Okay, some people marry young, I get it. For those who are not yet married though, realize that you are in complete control of your finances. You get to decide how to set your budget and how much money to put away for savings.
As an aside, I just want to point out that I single out married couples here because marriage has different legal implications as opposed to cohabitating couples.
Marriage with great but when your life and finances are commingled, it’s gets just a little harder to make decisions. You’re going to have disagreements, you value things differently, and you’re going to have arguments. That’s just a part of life. No matter how in sync you are with your better half, fights break out from time to time.
You Don’t Have Dependents
Again, I know I’m making a generalization but as Americans are getting married later in life and having children later, many people in their 20s do not have kids. When you don’t have kids, not only do you get to sleep in, you also get to save more money!
Let’s count the ways. You’re not paying for costs of prenatal care and labor and delivery, you’re not paying for diapers and formula, you’re not paying for toys and clothes, and you’re not paying for childcare.
Okay, to clarify, I’m not saying that you skip having kids in order to save money. I am saying since you likely don’t have kids during your 20s, it presents a great opportunity to squirrel money away.
You Don’t Have a House
When you’re in your 20s, you likely haven’t yet bought a house or have decided renting is preferable. Either way, you’re saving yourself from monthly payments that encompass the principal, interest, escrow, and insurance.
Not only that, you don’t have to pay for maintenance. Without debating the pros and cons of home ownership, we can all agree that not having a mortgage and not having to deal with home maintenance means a chance to save money.
Right now, we literally have a savings fund called “Home” that’s earmarked for things like replacing the AC. I would much rather put the money in an investment account but such is life when you’re responsible for maintaining your own residence.
It’s Easier to Keep Living Like a (Poor) Student
Lifestyle inflation is real. As you make more money, you start to think that you can afford and deserve nicer things. As a 20-something, you can still live like a college student even when you have a full-time job.
You don’t have to keep subsisting on ramen or rice and beans but it’s helpful to hang on to the money saving habits you developed as a student. These habits may include living with roommates, cooking your own food, and continuing to drive your old car. It sucks to say this but it’s more socially acceptable for young people to live cheaply so you should use that to your advantage. Don’t feel compelled to spend in order to impress other people.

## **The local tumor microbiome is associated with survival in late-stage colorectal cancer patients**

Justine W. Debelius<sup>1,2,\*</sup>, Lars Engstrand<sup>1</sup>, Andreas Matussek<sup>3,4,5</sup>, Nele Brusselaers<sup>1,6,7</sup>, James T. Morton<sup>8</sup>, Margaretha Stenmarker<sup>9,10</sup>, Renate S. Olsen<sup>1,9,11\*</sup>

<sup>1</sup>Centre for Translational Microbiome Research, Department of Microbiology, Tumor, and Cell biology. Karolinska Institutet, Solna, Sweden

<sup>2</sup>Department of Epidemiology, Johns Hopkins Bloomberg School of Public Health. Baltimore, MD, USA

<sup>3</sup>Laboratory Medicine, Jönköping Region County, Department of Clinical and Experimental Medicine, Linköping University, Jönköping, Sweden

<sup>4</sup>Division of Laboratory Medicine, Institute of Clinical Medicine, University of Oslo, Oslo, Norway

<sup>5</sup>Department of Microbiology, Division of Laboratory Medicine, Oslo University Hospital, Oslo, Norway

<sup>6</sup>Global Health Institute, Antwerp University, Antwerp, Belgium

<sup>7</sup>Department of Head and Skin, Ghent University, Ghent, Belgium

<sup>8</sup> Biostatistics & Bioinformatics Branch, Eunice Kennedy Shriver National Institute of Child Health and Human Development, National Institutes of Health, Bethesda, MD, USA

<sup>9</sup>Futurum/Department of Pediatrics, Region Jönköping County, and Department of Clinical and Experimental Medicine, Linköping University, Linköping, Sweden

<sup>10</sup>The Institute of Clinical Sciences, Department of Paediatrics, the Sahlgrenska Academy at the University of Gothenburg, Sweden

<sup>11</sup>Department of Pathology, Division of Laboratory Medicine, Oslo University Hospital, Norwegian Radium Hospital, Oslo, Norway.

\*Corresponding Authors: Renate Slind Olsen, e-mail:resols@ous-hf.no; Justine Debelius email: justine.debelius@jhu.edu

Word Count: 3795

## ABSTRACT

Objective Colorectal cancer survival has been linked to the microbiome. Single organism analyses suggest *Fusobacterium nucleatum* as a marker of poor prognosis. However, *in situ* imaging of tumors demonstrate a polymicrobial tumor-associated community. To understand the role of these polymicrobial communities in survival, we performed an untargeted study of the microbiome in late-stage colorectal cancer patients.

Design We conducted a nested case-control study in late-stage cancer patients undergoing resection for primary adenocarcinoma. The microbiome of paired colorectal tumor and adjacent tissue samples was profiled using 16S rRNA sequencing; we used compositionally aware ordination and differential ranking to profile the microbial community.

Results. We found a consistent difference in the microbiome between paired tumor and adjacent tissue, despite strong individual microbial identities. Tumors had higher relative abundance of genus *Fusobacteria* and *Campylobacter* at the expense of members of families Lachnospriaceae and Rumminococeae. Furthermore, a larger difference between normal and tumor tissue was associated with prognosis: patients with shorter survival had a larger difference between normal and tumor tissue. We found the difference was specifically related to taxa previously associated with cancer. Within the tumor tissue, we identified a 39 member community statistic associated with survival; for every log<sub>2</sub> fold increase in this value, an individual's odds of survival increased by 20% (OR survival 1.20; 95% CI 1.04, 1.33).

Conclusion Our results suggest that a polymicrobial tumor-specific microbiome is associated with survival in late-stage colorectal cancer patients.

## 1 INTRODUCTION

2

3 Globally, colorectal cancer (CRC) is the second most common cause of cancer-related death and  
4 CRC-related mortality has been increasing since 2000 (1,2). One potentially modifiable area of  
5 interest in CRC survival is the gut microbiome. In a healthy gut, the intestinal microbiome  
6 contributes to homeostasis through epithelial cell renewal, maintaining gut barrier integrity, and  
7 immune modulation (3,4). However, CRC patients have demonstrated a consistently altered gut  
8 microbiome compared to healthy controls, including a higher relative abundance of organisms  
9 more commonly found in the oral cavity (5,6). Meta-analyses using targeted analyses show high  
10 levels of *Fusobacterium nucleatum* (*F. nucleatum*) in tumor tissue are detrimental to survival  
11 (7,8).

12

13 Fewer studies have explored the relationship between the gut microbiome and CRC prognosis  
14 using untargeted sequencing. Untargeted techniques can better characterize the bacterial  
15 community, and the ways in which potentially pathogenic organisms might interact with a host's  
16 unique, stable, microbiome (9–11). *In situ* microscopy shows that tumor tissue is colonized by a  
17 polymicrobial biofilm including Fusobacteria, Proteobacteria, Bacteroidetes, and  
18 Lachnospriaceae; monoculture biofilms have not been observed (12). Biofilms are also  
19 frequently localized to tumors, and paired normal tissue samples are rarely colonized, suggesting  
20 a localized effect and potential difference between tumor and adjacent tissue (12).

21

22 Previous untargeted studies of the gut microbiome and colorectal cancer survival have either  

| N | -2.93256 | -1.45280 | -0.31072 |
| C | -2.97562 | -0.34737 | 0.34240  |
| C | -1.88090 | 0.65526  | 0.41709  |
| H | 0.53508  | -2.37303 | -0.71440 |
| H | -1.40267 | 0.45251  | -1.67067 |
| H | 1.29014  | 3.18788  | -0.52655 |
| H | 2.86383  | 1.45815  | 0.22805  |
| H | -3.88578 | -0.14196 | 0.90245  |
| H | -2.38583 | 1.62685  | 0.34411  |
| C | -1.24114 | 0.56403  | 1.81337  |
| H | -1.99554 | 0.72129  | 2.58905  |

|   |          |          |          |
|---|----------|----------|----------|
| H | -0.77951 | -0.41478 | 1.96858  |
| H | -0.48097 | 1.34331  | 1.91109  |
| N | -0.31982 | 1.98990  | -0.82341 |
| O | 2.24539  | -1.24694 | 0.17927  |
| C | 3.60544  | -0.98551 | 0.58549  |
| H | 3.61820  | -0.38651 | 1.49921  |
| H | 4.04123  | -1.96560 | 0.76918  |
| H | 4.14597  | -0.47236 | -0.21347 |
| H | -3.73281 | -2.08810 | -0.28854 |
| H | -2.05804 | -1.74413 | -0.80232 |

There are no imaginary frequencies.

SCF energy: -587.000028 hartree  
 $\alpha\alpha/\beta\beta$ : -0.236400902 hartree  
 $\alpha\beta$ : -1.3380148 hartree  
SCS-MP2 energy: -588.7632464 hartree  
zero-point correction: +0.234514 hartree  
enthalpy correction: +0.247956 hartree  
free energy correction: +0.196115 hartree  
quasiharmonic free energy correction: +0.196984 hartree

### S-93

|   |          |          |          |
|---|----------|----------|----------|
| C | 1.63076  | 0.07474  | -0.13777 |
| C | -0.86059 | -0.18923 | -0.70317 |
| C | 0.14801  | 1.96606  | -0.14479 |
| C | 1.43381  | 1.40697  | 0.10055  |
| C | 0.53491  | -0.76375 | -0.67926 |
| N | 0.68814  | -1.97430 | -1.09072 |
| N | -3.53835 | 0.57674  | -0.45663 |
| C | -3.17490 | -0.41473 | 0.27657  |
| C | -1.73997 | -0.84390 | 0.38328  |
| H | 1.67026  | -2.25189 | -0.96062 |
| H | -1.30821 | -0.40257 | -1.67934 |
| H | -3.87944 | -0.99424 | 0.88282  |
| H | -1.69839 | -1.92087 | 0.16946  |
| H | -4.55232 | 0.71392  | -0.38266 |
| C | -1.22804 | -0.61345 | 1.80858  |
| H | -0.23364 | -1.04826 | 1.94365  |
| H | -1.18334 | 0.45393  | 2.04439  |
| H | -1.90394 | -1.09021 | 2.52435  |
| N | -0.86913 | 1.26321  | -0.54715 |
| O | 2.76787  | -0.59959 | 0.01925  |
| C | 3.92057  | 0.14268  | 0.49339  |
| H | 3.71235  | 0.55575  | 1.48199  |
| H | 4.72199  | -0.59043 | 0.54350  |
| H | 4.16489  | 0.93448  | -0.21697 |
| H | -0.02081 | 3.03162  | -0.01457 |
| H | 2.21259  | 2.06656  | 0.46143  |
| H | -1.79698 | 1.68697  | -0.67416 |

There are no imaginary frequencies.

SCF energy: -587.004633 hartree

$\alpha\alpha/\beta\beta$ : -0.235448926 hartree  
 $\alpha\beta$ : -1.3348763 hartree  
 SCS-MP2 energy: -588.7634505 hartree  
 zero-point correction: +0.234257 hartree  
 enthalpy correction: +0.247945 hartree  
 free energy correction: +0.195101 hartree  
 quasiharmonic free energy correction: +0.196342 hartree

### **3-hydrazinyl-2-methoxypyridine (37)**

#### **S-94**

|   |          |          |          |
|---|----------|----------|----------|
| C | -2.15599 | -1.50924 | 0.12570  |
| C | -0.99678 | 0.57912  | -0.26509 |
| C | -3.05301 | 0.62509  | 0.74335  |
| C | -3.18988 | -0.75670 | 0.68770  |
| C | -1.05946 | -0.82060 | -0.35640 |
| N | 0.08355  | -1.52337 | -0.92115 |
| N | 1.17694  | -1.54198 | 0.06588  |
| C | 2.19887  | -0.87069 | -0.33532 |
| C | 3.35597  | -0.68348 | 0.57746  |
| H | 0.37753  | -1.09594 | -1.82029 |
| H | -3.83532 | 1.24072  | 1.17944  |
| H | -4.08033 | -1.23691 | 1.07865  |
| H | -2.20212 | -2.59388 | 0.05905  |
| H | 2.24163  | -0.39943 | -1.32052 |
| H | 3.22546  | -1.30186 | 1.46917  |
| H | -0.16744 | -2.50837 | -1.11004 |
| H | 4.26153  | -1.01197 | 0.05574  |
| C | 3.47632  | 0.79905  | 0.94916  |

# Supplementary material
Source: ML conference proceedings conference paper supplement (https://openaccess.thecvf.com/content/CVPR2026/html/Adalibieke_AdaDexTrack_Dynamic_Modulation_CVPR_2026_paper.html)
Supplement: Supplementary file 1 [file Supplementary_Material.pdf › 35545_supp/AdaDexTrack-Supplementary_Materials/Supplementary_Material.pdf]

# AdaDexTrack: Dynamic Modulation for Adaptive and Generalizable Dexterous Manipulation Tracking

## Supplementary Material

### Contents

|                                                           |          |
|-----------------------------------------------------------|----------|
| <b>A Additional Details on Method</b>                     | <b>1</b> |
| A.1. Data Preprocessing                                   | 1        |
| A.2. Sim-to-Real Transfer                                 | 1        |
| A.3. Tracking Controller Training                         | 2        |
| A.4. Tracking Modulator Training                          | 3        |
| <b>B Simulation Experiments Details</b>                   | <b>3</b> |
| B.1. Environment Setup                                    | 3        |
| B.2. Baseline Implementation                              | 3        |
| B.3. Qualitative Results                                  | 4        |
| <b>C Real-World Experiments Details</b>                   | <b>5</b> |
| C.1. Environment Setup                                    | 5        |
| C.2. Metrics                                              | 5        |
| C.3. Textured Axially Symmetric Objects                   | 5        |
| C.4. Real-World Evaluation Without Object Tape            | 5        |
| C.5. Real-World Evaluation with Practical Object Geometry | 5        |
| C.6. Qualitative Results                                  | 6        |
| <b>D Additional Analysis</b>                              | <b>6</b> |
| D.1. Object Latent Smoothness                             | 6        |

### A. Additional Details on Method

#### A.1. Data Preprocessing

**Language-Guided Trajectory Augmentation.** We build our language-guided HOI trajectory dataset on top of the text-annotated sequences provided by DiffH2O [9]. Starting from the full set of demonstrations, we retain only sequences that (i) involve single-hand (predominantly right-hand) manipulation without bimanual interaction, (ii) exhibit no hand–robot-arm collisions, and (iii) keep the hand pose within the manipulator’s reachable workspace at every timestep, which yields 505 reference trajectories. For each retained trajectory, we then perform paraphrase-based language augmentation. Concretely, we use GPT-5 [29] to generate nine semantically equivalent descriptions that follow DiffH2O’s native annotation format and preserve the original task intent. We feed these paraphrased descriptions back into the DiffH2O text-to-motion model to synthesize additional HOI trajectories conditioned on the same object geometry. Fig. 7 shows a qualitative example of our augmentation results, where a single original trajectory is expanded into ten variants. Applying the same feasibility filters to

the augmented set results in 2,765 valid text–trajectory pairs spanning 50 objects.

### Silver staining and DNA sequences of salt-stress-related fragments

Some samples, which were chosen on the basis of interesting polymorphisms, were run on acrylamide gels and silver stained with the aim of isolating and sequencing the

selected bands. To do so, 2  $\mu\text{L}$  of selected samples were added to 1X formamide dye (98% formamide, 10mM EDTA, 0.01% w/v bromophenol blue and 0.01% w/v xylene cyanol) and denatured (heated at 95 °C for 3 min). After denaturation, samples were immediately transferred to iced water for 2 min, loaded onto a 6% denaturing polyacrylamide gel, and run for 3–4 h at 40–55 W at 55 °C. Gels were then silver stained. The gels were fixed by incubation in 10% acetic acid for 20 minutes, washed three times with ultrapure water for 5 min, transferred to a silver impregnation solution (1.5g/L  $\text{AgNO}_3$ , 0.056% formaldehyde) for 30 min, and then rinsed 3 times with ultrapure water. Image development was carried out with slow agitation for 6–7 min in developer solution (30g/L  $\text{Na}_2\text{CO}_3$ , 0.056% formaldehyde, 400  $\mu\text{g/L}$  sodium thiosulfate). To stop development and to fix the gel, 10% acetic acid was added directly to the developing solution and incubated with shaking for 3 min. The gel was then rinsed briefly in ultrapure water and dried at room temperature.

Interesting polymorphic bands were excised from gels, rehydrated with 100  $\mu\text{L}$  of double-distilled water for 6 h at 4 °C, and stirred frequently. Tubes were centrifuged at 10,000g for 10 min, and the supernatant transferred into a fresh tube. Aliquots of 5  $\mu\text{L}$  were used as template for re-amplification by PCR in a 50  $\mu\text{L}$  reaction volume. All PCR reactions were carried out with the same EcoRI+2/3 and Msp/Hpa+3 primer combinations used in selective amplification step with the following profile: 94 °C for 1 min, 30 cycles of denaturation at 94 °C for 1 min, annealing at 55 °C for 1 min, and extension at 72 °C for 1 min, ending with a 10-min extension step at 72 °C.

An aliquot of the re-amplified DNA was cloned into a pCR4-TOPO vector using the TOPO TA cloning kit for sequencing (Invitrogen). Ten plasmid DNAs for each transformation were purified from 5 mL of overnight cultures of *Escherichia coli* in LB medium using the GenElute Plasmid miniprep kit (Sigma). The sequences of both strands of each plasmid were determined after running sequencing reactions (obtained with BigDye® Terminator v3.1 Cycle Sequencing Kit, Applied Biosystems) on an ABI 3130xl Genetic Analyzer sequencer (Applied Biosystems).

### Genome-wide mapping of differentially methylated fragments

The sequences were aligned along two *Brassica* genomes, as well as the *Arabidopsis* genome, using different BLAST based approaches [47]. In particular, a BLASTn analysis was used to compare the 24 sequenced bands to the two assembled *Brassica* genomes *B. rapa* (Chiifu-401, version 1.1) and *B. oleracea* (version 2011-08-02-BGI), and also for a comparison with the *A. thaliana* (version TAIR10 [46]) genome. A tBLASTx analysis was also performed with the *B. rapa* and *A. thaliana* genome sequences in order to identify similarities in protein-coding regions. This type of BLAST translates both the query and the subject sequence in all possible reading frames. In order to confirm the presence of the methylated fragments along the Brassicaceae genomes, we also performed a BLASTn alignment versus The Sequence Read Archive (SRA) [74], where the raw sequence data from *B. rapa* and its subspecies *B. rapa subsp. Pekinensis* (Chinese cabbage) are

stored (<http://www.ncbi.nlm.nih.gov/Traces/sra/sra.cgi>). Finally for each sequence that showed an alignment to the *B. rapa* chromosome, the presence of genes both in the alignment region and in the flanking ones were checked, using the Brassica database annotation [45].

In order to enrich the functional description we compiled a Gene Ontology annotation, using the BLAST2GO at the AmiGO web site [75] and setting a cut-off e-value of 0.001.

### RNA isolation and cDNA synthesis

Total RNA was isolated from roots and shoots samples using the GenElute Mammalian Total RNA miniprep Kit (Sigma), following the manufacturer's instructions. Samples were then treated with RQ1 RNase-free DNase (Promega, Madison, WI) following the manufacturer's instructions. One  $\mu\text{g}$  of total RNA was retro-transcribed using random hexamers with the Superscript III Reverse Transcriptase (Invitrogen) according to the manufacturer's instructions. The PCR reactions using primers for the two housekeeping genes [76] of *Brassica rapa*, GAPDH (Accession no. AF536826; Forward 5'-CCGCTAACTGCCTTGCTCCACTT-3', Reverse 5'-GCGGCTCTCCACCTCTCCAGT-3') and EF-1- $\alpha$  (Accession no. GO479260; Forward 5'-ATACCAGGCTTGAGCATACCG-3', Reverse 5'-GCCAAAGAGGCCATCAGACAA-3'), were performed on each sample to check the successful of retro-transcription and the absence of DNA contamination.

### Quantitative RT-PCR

Since you haven’t yet developed expensive habits and tastes, these behaviors won’t feel so much like a sacrifice. They’re just a way of life. Remember this, just because you’re earning more money doesn’t mean you have to spend it all. By keeping your expenses low, you can put more money away towards savings.
You Can Go Where the Money Is
Being young often means the freedom of mobility. You can go to cities where the job market is hot. If there’s a certain company you want to work for, you can move to where the company is located.
When you buy a house and/or have kids, it’s much harder to just pick up and leave. Your 20s are a time for building a strong career foundation and moving to where the jobs are is one way to do that.
It can be scary to move to a new town. It can mean leaving your friends and family. However, just keep in mind that this is an option for seeking higher income jobs.
Time is on Your Side
The money you sock away in your 20s has more time to grow and benefit from compound interest. When you start saving at a younger age, you don’t have to put away as much money to achieve the same results as someone who’s just starting to save in her 30s or 40s.
If you put $10,000 in an account at age 25 and it averages a return of 8% a year, you’ll have $242,819 in the account at age 65. That’s if you never add another cent to the account.
Contrast that with someone saving the same amount starting at age 35 and earning the same return. At the age of 65, this person will have $109,386 in the account. A difference of 10 years accounts for a balance difference of over $100k!!!!!! That’s a pretty powerful illustration of the power of time. And that’s is why you definitely should start saving earlier rather than later.
What are your thoughts? Do you think that there is a period in one’s life in which it’s easier to save money?